In the 1960s, Nygaard-östby and coworkers [17-19] suggested the potential of healing on infected, necrotic pulp by a mechanically induced blood clot, and this concept was first called “revascularization”. More recently, there has been a paradigm shift for the treatment of infected immature permanent teeth, from the ‘traditional’ apexification to pulp regeneration [20,21]. Many studies have described that the local application of antibiotics is effective for eradicating common endodontic pathogens, both in vitro and in vivo [22,23]. The use of triple-antibiotic paste (ciprofloxacin, metronidazole, and minocycline), as recommended by Hoshino et al. [22], has been confirmed in many studies [5-7,24,25].
Discoloration of the crown is a common consequence of regenerative procedures. Previous studies have recognized the problem of staining of the tooth structure as a result of using minocycline [22,25]. Thus, there have been trials to eliminate or replace minocycline in the triple-antibiotic paste. The bactericidal efficacy of mixtures of ciprofloxacin and metronidazole with amoxicillin, cefaclor, cefroxadine, fosfomycin, or rokitamycin was compared by Sato et al. [26], and it was found that these combinations could also sterilize endodontic lesions effectively. Thibodeau and Trope [27] and Dabbagh et al. [28] reported no discoloration when using a modified triple-antibiotic paste, in which cefaclor was substituted for minocycline. Hence, in the cases reported here, minocycline was replaced by cefaclor to avoid discoloration. However, a bluish discoloration on the cervical portion of the crown was noticed in the second case. A possible reason may be the MTA used for coronal sealing. Although minocycline has been blamed as the main cause of discoloration, several studies have reported the MTA can also cause discoloration [28,29]. A wider canal space resulting in difficulty in controlling MTA and thinner remaining coronal dentin thickness in the second case versus the first case may have contributed to the different esthetic result.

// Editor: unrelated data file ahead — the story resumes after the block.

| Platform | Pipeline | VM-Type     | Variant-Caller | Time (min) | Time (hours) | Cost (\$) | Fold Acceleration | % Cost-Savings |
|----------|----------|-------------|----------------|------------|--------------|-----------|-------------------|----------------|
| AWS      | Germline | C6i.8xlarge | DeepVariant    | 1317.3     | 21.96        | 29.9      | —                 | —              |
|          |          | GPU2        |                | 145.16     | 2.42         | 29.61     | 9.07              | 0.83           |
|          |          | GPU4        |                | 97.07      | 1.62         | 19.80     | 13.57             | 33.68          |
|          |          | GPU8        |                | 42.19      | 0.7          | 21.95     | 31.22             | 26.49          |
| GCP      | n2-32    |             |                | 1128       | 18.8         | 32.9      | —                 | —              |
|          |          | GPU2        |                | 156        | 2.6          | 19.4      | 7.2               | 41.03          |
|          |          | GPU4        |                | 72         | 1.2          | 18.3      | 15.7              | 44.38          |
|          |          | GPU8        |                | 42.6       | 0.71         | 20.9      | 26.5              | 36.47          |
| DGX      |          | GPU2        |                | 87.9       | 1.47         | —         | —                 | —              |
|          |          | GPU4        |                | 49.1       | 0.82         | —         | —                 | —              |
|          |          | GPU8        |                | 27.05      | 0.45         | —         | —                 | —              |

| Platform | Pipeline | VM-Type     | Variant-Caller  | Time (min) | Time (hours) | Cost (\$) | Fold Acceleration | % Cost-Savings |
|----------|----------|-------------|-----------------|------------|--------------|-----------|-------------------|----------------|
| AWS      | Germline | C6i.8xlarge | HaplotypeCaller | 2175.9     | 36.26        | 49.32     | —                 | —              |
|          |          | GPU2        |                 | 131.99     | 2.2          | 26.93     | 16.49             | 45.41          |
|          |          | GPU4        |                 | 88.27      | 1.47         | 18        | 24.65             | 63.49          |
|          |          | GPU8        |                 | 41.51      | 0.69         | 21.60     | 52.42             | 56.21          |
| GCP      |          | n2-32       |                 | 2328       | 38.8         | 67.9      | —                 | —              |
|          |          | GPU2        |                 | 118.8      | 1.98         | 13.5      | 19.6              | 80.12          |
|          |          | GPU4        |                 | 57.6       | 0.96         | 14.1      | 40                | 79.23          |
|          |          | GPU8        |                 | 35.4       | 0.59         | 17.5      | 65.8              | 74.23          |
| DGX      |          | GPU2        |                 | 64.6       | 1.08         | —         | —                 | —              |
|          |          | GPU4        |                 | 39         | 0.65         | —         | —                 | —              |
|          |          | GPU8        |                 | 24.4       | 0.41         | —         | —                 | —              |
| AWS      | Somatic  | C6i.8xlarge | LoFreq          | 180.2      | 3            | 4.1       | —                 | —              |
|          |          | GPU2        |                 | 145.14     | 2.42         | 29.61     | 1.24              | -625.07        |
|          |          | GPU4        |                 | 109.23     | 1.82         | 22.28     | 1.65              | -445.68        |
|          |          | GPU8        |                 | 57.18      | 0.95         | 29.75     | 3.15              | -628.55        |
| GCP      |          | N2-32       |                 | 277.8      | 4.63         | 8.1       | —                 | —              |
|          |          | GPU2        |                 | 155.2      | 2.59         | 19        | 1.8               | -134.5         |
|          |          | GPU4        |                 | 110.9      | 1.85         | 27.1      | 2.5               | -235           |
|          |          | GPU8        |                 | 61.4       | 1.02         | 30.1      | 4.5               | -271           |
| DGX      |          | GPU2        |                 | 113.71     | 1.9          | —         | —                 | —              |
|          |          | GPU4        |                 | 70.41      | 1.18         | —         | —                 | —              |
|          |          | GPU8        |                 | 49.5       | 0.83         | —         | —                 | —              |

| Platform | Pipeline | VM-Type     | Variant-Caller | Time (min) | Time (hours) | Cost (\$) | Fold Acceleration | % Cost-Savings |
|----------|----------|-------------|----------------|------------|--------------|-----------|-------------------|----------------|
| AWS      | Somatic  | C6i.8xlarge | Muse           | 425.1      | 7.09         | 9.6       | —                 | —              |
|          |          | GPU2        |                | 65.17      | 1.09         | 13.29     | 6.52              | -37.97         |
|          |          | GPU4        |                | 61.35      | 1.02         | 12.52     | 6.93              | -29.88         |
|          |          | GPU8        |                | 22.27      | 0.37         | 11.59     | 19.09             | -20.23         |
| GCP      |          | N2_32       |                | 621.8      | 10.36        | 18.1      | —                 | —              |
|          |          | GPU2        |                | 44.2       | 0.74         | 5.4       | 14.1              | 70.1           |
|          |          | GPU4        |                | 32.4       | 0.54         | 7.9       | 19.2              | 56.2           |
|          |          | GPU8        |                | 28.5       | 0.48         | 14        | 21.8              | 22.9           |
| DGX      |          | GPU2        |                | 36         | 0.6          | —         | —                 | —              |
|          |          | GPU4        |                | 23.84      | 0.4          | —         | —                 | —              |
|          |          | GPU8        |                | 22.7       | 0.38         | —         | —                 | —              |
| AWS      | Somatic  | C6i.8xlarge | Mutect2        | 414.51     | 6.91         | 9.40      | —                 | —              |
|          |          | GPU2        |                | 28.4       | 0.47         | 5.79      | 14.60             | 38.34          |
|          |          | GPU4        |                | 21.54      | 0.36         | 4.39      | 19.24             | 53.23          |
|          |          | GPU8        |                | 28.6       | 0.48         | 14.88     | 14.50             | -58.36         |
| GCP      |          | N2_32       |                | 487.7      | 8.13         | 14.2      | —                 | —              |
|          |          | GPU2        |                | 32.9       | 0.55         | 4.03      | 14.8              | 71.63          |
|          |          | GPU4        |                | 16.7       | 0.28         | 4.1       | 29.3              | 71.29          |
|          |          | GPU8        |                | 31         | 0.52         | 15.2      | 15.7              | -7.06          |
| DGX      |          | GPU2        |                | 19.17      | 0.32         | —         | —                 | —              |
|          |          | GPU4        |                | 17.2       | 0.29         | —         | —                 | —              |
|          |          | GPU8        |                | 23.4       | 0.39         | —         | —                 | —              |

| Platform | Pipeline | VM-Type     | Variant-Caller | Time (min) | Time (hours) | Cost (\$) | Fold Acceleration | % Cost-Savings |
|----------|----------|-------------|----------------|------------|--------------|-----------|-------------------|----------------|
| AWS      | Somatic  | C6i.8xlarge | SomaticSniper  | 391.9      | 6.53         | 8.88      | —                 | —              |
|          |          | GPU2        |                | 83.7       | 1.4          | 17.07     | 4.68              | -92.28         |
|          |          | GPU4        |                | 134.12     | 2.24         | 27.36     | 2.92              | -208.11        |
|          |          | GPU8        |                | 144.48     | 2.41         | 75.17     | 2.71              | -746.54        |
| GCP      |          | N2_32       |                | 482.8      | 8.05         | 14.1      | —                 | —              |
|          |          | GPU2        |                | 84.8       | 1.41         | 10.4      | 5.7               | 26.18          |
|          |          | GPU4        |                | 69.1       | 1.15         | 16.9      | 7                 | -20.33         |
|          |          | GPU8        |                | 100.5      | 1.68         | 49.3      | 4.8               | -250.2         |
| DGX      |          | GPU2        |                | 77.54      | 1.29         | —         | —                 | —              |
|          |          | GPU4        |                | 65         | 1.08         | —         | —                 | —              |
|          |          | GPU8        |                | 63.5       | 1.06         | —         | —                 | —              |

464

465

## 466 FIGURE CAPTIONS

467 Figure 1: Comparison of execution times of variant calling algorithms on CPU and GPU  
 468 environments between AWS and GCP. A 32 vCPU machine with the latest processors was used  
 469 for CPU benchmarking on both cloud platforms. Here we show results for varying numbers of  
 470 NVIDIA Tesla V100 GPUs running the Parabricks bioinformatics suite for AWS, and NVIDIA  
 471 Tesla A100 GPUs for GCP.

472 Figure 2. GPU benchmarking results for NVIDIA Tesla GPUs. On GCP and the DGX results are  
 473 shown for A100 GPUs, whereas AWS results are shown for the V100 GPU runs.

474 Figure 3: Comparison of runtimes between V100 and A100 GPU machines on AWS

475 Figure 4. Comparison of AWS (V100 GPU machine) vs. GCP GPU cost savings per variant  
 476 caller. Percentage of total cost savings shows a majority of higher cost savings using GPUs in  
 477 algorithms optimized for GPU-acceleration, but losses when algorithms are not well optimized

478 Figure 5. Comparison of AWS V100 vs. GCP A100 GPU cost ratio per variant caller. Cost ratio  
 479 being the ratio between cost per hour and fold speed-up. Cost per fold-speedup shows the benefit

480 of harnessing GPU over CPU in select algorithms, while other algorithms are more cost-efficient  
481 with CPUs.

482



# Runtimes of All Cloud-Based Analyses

Additional long-term follow-up will be needed to ensure the treatment efficacy of this procedure in cases of non-vital immature permanent teeth with dens invaginatus. It would be significant to evaluate the risks and benefits in addition to patient preferences and compliance with the treatment plan. Patients and parents should also be informed about possible adverse effects, such as staining of the crown, before treatment initiation.

Ⅳ. Summary

On the basis of the short-term results of these two cases, regenerative endodontic treatment can be effective for managing immature permanent teeth with necrotic pulp tissue, which can lead not only to clinical and radiographic resolution, but also a continuing increase in the thickness of the dentinal walls and apical closure. Considering the anatomical variation in teeth with dens invaginatus, an additional approach, redesigning the complex internal anatomy, may be advisable in some cases to gain better access for effective disinfection and sealing.

Fig. 1.
Clinical photograph and periapical radiograph of case 1 at the first visit. (A) Intraoral photograph showing a sinus tract on the buccal gingiva in the distal side of left maxillary deciduous canine. (B) Radiographic image showing an open apex associated with periapical radiolucent lesion of the maxillary left lateral incisor.
Fig. 2.
Clinical photographs of case 1. (A) Intracanal bleeding induced from apical tissue. (B) Results following MTA placement. (C) Tight coronal sealing with hardened MTA.
Fig. 3.
Intraoral radiographs of case 1. (A) Preoperative. (B) Triple antibiotic dressing. (C) Intracanal blood clot formation and coronal sealing with MTA. (D) 6-month follow-up. (E) 12-month follow-up. (F) 18-month follow-up.
Fig. 4.
Clinical photographs of case 1. No apparent discoloration of the maxillary left lateral incisor at the 12-month follow-up. (A) Frontal view. (B) Occlusal view.
Fig. 5.
Clinical photograph and periapical radiograph of case 2 at the first visit. (A) Intraoral photograph showing peg shaped maxillary lateral incisors and a temporary restoration in the access cavity of maxillary right lateral incisor. (B) Radiographic image showing an incompletely developed apex with periapical radiolucency and an invagination extending the entire length of the root of maxillary right lateral incisor.
Fig. 6.
CBCT images. (A) Sagittal view. (B) Coronal view. (C) Axial view.
Fig. 7.
Clinical images captured by a surgical operating microscope. (A) Access to the outline of the invagination. (B) Separating the invagination from the main root trunk.
Fig. 8.
Intraoral radiographs of case 2. (A) Preoperative. (B) Calcium hydroxide paste applied to the invagination in isolation. (C) Triple antibiotic dressing following complete removal of the invagination. (D) Intracanal blood clot formation and coronal sealing using MTA. (E) 12-month follow-up. (F) 24-month follow-up.
Fig. 9.
Clinical photographs of case 2. (A) Preoperative. (B) 6-month follow-up. (C) 24-month follow-up.